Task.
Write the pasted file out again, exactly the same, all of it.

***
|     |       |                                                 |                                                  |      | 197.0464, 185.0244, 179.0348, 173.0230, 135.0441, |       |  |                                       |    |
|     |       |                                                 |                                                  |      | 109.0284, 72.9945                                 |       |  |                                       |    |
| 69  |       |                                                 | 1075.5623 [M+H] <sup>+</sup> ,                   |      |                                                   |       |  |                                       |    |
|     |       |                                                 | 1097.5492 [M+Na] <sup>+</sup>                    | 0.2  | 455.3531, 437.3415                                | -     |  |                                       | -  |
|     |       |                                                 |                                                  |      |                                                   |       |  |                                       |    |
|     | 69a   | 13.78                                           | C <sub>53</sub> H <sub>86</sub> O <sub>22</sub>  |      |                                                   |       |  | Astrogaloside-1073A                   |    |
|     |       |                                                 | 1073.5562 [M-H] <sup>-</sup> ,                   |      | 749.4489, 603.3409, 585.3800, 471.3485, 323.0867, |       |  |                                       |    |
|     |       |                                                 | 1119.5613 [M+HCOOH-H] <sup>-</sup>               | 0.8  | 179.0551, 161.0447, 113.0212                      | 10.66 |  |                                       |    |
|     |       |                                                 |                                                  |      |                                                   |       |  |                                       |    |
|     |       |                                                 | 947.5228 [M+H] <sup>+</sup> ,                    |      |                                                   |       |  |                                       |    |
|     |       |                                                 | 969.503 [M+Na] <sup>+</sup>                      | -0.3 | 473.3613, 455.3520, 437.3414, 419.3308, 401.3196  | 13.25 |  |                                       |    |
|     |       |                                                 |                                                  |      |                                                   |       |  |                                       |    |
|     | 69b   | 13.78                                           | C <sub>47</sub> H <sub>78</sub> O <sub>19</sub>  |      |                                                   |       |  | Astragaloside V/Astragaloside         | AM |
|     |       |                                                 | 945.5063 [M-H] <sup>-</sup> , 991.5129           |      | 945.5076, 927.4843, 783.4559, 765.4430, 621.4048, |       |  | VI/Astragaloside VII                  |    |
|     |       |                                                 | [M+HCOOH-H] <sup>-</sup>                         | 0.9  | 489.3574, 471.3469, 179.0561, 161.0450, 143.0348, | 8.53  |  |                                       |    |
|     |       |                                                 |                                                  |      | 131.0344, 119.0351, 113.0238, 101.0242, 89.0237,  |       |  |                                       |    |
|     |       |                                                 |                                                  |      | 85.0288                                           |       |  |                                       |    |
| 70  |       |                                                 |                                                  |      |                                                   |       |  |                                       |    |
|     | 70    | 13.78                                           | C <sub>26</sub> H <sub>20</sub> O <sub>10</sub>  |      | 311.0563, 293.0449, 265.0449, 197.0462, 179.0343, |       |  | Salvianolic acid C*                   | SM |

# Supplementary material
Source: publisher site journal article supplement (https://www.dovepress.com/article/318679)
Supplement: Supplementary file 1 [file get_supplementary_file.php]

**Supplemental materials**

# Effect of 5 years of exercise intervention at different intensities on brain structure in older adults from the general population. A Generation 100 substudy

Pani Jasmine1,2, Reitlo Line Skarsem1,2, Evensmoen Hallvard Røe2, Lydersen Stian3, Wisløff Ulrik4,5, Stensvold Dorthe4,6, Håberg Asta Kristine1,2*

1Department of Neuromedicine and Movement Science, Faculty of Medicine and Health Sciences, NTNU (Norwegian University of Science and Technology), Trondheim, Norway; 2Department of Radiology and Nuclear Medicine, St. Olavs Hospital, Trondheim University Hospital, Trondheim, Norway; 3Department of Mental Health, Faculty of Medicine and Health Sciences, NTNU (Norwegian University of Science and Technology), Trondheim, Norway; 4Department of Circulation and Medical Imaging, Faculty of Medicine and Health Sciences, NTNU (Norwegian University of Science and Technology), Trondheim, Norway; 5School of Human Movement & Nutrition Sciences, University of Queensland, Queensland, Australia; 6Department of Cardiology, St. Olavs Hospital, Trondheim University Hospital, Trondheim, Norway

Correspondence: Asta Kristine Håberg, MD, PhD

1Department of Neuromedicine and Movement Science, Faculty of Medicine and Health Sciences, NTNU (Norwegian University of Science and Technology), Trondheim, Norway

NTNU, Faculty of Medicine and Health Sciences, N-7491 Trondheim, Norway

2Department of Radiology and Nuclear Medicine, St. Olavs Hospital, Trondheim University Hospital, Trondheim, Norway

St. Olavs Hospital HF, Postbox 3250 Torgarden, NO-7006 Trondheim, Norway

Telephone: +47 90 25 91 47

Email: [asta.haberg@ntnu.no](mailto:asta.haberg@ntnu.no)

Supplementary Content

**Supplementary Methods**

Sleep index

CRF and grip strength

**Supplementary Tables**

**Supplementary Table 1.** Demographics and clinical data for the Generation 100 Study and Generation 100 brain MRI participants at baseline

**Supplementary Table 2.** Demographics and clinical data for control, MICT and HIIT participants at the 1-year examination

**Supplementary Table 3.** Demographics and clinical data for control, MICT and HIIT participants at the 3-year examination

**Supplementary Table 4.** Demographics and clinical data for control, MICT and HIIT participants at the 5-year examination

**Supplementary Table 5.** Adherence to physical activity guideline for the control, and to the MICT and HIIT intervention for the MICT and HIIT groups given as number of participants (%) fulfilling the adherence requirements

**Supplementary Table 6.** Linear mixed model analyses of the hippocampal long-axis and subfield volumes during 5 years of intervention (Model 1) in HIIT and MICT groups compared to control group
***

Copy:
|     |       |                                                 |                                                  |      | 197.0464, 185.0244, 179.0348, 173.0230, 135.0441, |       |  |                                       |    |
|     |       |                                                 |                                                  |      | 109.0284, 72.9945                                 |       |  |                                       |    |
| 69  |       |                                                 | 1075.5623 [M+H] <sup>+</sup> ,                   |      |                                                   |       |  |                                       |    |
|     |       |                                                 | 1097.5492 [M+Na] <sup>+</sup>                    | 0.2  | 455.3531, 437.3415                                | -     |  |                                       | -  |
|     |       |                                                 |                                                  |      |                                                   |       |  |                                       |    |
|     | 69a   | 13.78                                           | C <sub>53</sub> H <sub>86</sub> O <sub>22</sub>  |      |                                                   |       |  | Astrogaloside-1073A                   |    |
|     |       |                                                 | 1073.5562 [M-H] <sup>-</sup> ,                   |      | 749.4489, 603.3409, 585.3800, 471.3485, 323.0867, |       |  |                                       |    |
|     |       |                                                 | 1119.5613 [M+HCOOH-H] <sup>-</sup>               | 0.8  | 179.0551, 161.0447, 113.0212                      | 10.66 |  |                                       |    |
|     |       |                                                 |                                                  |      |                                                   |       |  |                                       |    |
|     |       |                                                 | 947.5228 [M+H] <sup>+</sup> ,                    |      |                                                   |       |  |                                       |    |
|     |       |                                                 | 969.503 [M+Na] <sup>+</sup>                      | -0.3 | 473.3613, 455.3520, 437.3414, 419.3308, 401.3196  | 13.25 |  |                                       |    |
|     |       |                                                 |                                                  |      |                                                   |       |  |                                       |    |
|     | 69b   | 13.78                                           | C <sub>47</sub> H <sub>78</sub> O <sub>19</sub>  |      |                                                   |       |  | Astragaloside V/Astragaloside         | AM |
|     |       |                                                 | 945.5063 [M-H] <sup>-</sup> , 991.5129           |      | 945.5076, 927.4843, 783.4559, 765.4430, 621.4048, |       |  | VI/Astragaloside VII                  |    |
|     |       |                                                 | [M+HCOOH-H] <sup>-</sup>                         | 0.9  | 489.3574, 471.3469, 179.0561, 161.0450, 143.0348, | 8.53  |  |                                       |    |
|     |       |                                                 |                                                  |      | 131.0344, 119.0351, 113.0238, 101.0242, 89.0237,  |       |  |                                       |    |
|     |       |                                                 |                                                  |      | 85.0288                                           |       |  |                                       |    |
| 70  |       |                                                 |                                                  |      |                                                   |       |  |                                       |    |
|     | 70    | 13.78                                           | C <sub>26</sub> H <sub>20</sub> O <sub>10</sub>  |      | 311.0563, 293.0449, 265.0449, 197.0462, 179.0343, |       |  | Salvianolic acid C*                   | SM |

# Supplementary material
Source: publisher site journal article supplement (https://www.dovepress.com/article/318679)
Supplement: Supplementary file 1 [file get_supplementary_file.php]

**Supplemental materials**

# Effect of 5 years of exercise intervention at different intensities on brain structure in older adults from the general population. A Generation 100 substudy

Pani Jasmine1,2, Reitlo Line Skarsem1,2, Evensmoen Hallvard Røe2, Lydersen Stian3, Wisløff Ulrik4,5, Stensvold Dorthe4,6, Håberg Asta Kristine1,2*

1Department of Neuromedicine and Movement Science, Faculty of Medicine and Health Sciences, NTNU (Norwegian University of Science and Technology), Trondheim, Norway; 2Department of Radiology and Nuclear Medicine, St. Olavs Hospital, Trondheim University Hospital, Trondheim, Norway; 3Department of Mental Health, Faculty of Medicine and Health Sciences, NTNU (Norwegian University of Science and Technology), Trondheim, Norway; 4Department of Circulation and Medical Imaging, Faculty of Medicine and Health Sciences, NTNU (Norwegian University of Science and Technology), Trondheim, Norway; 5School of Human Movement & Nutrition Sciences, University of Queensland, Queensland, Australia; 6Department of Cardiology, St. Olavs Hospital, Trondheim University Hospital, Trondheim, Norway

Correspondence: Asta Kristine Håberg, MD, PhD

1Department of Neuromedicine and Movement Science, Faculty of Medicine and Health Sciences, NTNU (Norwegian University of Science and Technology), Trondheim, Norway

NTNU, Faculty of Medicine and Health Sciences, N-7491 Trondheim, Norway

2Department of Radiology and Nuclear Medicine, St. Olavs Hospital, Trondheim University Hospital, Trondheim, Norway

St. Olavs Hospital HF, Postbox 3250 Torgarden, NO-7006 Trondheim, Norway

Telephone: +47 90 25 91 47

Email: [asta.haberg@ntnu.no](mailto:asta.haberg@ntnu.no)

Supplementary Content

**Supplementary Methods**

Sleep index

CRF and grip strength

**Supplementary Tables**

**Supplementary Table 1.** Demographics and clinical data for the Generation 100 Study and Generation 100 brain MRI participants at baseline

**Supplementary Table 2.** Demographics and clinical data for control, MICT and HIIT participants at the 1-year examination

**Supplementary Table 3.** Demographics and clinical data for control, MICT and HIIT participants at the 3-year examination

**Supplementary Table 4.** Demographics and clinical data for control, MICT and HIIT participants at the 5-year examination

**Supplementary Table 5.** Adherence to physical activity guideline for the control, and to the MICT and HIIT intervention for the MICT and HIIT groups given as number of participants (%) fulfilling the adherence requirements

**Supplementary Table 6.** Linear mixed model analyses of the hippocampal long-axis and subfield volumes during 5 years of intervention (Model 1) in HIIT and MICT groups compared to control group